We applaud the Pituitary Society on the latest prolactinoma Consensus Statement (Petersenn, S. et al. Diagnosis and management of prolactin-secreting pituitary adenomas: a Pituitary Society international Consensus Statement. Nat. Rev. Endocrinol. 19, 722–740 (2023)1), which highlights rare but serious dopamine agonist-related toxicities, such as impulse control disorders, as we demonstrated in a large cross-sectional study2. Accordingly, we support the increasing use of operative management in surgically accessible prolactinomas and have previously advocated for a low surgical threshold approach for prolactinomas3.

We question, however, the recommendation to routinely offer primary surgery to all patients with a microprolactinoma or a well-circumscribed macroprolactinoma (Knosp grade 0 or 1) before attempting cabergoline therapy. Although surgery can provide a definitive cure, a large subset of patients can be successfully treated by cabergoline without exposure to potentially permanent operative complications like hypopituitarism and meningitis3. Noting that dopamine agonist-induced toxicity is almost always reversible4, the recommendation for primary surgery before any attempt at cabergoline therapy seems to relate largely to concerns around the potential risk of dopamine agonist-induced tumour fibrosis.

The initial evidence for tumour fibrosis was related to the historic use of bromocriptine5 rather than cabergoline, which is the preferred drug in the modern management of prolactinomas1. More recent data show that the operative finding of tumour fibrosis is no more common in cabergoline-treated prolactinomas than in dopamine agonist-naive prolactinomas6,7. If fibrosis is a function of the tumour itself rather than a consequence of cabergoline therapy, we do not see cabergoline pretreatment as an impediment to later surgery.

Even if fibrosis is histologically present in dopamine agonist-exposed prolactinomas as we have previously documented8, this finding does not equate to poor surgical outcomes. From the neurosurgical perspective, the presence of tumour fibrosis tends to obscure the pseudocapsule. This tendency makes complete resection more challenging for large prolactinomas and increases the risk of complications. However, the microprolactinomas and small macroprolactinomas in question here might not present the same challenges, particularly when managed with modern endoscopic techniques by a specialised skull base team.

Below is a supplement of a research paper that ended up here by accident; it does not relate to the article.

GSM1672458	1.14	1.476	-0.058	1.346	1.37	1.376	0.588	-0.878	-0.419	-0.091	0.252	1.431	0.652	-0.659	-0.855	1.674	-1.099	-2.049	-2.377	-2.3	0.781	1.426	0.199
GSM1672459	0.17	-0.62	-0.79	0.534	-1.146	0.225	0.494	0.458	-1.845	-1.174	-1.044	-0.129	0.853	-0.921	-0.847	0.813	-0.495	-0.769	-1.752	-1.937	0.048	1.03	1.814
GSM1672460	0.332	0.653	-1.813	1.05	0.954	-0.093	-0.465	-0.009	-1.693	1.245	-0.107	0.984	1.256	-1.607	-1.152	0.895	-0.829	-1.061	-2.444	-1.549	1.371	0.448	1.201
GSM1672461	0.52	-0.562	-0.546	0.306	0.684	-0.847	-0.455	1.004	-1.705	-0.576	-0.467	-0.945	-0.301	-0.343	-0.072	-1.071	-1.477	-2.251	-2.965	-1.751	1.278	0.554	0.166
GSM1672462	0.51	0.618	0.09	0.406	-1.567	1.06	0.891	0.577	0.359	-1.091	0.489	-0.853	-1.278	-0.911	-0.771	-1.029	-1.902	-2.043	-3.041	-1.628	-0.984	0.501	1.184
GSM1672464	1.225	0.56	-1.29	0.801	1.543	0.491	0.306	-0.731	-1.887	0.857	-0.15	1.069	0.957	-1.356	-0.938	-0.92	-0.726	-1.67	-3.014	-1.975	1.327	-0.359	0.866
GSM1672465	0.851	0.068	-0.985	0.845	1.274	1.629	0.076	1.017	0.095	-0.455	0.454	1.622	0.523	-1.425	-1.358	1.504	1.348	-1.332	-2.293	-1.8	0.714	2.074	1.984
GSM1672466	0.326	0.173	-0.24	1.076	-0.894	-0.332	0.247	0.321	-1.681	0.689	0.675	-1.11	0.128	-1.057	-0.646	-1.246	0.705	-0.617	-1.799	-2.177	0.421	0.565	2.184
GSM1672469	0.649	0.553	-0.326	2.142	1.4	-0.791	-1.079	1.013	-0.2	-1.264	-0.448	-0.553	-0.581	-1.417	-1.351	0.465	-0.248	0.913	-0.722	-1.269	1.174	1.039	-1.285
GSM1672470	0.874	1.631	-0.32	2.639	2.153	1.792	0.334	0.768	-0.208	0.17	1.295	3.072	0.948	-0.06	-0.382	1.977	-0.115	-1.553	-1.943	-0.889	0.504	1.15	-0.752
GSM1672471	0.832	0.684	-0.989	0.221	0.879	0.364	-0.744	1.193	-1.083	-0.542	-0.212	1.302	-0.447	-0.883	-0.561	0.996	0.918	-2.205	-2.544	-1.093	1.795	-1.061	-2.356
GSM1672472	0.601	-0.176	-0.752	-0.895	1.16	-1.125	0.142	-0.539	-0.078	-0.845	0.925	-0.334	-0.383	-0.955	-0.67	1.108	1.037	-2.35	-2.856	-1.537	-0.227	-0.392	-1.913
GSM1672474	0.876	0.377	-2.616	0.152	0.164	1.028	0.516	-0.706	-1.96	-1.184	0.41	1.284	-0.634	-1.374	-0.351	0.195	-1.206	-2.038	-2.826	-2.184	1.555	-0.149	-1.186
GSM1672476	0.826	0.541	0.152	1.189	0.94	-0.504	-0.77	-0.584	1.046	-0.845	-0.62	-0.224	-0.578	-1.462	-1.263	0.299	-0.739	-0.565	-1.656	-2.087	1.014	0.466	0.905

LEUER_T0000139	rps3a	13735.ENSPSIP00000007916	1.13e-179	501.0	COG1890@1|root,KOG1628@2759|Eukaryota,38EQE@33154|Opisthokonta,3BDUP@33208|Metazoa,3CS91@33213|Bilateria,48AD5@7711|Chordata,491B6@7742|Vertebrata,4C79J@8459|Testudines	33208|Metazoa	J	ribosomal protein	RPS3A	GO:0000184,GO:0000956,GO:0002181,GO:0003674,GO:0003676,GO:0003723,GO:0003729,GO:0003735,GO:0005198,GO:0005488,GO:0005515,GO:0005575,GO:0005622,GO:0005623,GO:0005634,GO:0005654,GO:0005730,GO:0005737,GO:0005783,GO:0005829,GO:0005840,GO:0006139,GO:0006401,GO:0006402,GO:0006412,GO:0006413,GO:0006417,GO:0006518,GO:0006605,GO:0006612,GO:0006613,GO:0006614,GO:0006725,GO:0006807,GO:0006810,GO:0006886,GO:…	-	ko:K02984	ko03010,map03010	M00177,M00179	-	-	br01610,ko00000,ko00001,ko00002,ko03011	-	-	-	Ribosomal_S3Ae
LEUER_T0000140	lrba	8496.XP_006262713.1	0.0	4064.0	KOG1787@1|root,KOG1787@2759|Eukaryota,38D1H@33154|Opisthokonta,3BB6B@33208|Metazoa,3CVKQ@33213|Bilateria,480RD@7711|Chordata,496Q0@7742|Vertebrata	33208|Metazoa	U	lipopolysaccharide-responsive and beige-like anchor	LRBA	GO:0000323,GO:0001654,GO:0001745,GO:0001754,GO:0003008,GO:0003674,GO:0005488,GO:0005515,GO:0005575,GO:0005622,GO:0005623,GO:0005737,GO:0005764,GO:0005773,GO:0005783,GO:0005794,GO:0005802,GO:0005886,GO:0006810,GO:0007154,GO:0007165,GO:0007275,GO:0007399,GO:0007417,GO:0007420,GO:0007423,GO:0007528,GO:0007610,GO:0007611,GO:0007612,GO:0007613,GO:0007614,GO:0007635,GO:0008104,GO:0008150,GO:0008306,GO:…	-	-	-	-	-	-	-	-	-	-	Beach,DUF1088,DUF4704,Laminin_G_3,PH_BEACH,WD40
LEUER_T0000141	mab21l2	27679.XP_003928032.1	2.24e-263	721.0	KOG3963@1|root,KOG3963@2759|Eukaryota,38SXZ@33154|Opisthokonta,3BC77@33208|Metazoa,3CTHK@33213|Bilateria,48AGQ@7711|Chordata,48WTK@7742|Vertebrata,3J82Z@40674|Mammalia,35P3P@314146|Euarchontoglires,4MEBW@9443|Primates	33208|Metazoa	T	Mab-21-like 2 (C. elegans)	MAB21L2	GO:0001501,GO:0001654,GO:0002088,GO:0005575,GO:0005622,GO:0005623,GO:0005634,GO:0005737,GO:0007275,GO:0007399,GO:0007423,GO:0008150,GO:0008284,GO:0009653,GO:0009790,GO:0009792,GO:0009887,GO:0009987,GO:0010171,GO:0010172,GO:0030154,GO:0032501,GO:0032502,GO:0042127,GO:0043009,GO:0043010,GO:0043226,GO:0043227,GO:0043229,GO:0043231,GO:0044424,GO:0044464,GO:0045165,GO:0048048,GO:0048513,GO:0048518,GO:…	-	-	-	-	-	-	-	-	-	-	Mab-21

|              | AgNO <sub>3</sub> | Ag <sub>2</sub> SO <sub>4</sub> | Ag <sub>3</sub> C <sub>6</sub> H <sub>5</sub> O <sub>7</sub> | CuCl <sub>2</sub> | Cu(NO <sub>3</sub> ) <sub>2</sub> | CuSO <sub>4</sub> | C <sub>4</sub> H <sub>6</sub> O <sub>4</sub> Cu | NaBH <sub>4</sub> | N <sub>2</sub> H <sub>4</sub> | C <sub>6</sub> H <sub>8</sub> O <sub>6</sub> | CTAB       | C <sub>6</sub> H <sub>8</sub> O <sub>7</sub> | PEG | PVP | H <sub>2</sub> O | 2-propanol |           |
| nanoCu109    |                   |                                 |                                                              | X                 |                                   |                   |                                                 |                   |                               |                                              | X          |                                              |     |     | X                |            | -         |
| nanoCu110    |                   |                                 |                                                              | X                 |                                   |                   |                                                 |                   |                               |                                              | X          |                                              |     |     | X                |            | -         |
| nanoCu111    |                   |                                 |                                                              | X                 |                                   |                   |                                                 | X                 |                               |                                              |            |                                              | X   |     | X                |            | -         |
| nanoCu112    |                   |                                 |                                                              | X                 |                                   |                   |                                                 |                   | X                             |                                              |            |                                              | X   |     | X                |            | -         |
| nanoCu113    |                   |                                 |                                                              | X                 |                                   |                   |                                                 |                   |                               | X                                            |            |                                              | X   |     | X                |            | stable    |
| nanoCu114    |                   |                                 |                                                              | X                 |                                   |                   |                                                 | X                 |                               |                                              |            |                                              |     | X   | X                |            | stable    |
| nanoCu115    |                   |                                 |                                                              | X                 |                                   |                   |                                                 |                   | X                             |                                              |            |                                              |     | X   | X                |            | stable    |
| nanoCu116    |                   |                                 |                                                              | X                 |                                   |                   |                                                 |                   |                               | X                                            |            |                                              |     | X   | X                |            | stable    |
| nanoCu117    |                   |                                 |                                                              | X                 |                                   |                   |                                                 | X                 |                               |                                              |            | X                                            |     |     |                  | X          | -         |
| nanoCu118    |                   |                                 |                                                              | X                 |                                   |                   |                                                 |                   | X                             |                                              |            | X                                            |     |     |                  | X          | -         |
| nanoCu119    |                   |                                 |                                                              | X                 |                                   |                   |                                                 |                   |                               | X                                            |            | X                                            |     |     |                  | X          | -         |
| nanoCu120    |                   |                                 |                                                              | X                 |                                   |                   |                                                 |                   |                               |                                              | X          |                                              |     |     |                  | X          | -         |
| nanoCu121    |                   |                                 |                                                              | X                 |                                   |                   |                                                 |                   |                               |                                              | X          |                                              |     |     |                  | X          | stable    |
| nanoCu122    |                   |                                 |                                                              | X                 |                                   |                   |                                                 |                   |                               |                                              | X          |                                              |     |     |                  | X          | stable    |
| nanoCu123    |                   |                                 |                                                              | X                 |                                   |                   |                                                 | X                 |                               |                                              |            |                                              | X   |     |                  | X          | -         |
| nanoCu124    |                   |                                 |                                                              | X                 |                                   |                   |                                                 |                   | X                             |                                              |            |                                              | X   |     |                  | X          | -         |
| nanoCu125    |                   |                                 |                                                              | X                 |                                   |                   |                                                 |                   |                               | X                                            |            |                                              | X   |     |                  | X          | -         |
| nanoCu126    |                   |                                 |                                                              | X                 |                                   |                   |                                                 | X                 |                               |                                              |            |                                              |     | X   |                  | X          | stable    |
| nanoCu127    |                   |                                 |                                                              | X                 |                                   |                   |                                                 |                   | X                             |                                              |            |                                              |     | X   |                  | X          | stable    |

Prospective randomised data are required to determine whether primary surgical management yields better outcomes than a low surgical threshold approach, where surgery is used after at least a short trial of cabergoline. The evidence supporting the Pituitary Society’s recommendation for primary surgery for patients with a microprolactinoma or a well-circumscribed macroprolactinoma1 was data from a meta-analysis looking at postoperative remission rates in prolactinomas of any diameter. This meta-analysis found that studies with more frequent preoperative dopamine agonist use had lower surgical remission rates than studies with less preoperative dopamine agonist use9. However, as all studies were purely observational, the dopamine agonist-exposed study populations were likely enriched with larger, more invasive prolactinomas requiring medical pretreatment as well as prolactinomas with dopamine agonist resistance necessitating a switch to surgical management, both of which would expectedly yield worse operative outcomes. Data were inadequate to determine the effect of preoperative dopamine agonist use as a dichotomous variable on surgical remission rates9.

We eagerly await results from the ongoing PRolaCT studies involving randomisation of patients with non-invasive prolactinomas to either primary surgery or surgery after defined durations of dopamine agonist therapy10. Until then, we hold caution in routinely offering primary surgery for microprolactinomas and encased macroprolactinomas, which poses a risk of permanent operative complications. Albeit low in the eminent retrospective surgical series published to date, this risk could rise if the capacity of expert pituitary neurosurgeons is outstripped by increased referral numbers, beyond the typical 10–20% of patients with prolactinomas who have dopamine agonist intolerance or resistance.

There is a reply to this letter by Petersenn, S. et al. Nat. Rev. Endocrinol. https://doi.org/10.1038/s41574-024-00978-w (2024).